They want to use their skills.
For many employers, the instinctive response to high turnover is to invest less in new employees, thinking ‘why sink lots of time and effort into training new hires if they are just going to turn around and leave in a few months?’.
The other problem which arises is employers believing young people should be treated as they were treated when starting out. Young professionals today are more educated, innovative, global thinkers who possess very different skill sets and perspectives than previous generations at that same age. Nevertheless, there’s still an age-old belief that surfaces, which attempts to squelch the potential and voices of young people. This is evident in comments like: ‘When I was their age’ or ‘Young people need to sit and observe, learn the ropes, and just be patient.’ As a result of these attitudes and approaches, young people – even those with MBAs – will leave jobs, complaining they were treated as assistants, weren’t permitted to sit in on certain meetings, or were otherwise excluded.
While every business has tedious and repetitive tasks that need to be done, making the reasons clear to employees will contribute to their sense of purpose. If the end result is meaningful, then young people will go through the tedium, but they need to understand the big picture.
By and large, young professionals bring more skills and experience to the table than previous generations. They want an opportunity to utilize these skills, to be challenged, and to learn new skills. Young people don’t leave jobs because they “don’t have a work ethic”; they leave when employers don’t give them an opportunity to use or expand their skills.
They want the truth.
Honesty is the best policy and is extremely important to young professionals. If a job is going to be difficult, stressful, or boring, acknowledge that during recruitment. Painting a very unrealistic picture of the job not only leads to disillusionment, negativity, and turnover, it could also discourage the kind of people that you really wanted from applying in the first place.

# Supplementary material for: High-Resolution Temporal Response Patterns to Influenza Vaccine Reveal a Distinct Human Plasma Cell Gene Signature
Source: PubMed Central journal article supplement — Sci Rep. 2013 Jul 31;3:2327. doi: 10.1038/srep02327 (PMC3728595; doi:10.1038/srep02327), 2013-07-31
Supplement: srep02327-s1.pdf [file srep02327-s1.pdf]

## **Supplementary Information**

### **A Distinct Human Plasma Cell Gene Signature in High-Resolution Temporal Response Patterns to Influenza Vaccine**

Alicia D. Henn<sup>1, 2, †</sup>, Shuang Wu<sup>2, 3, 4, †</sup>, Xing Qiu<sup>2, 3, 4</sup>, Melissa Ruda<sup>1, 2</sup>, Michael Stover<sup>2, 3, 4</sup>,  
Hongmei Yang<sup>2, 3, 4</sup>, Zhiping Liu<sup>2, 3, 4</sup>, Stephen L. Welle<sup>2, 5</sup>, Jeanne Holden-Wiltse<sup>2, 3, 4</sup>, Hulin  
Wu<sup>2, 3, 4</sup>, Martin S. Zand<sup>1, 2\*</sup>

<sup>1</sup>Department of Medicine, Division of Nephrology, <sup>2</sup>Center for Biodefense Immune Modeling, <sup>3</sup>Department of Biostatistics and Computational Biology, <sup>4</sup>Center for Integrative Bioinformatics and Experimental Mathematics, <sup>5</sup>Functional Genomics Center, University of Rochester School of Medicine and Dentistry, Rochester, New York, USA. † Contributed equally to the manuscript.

They want flexibility.
Millennials and Zs expect some flexibility in their work schedules. Technology was the game-changer, making it easier than ever to work anywhere. Pandemic further supported the case there are many tasks that can be performed just as easily from home as from an office. Young people will question the traditional norms that dictate work schedules, and they will become more engaged employees when their employer trusts them to use their time wisely.
They got a better offer.
We’re in the midst of a talent war, and young people want to work for employers who meet the standards listed here. Given their financial concerns and search for purpose and job fit, it makes sense they would be willing to job-hop if a better offer presented itself. Gone are the days of punching a clock and being loyal to an employer for the sake of receiving a paycheck.
Turnover is an indication young professionals haven’t found what they need. The more employers understand the reasons for turnover—and create an environment that is inclusive to young professionals—the more likely it is that employers will be capable of retaining their talent. Until then, employee turnover among this generation is likely to continue, and even worsen, amidst the pending skills shortage and talent war.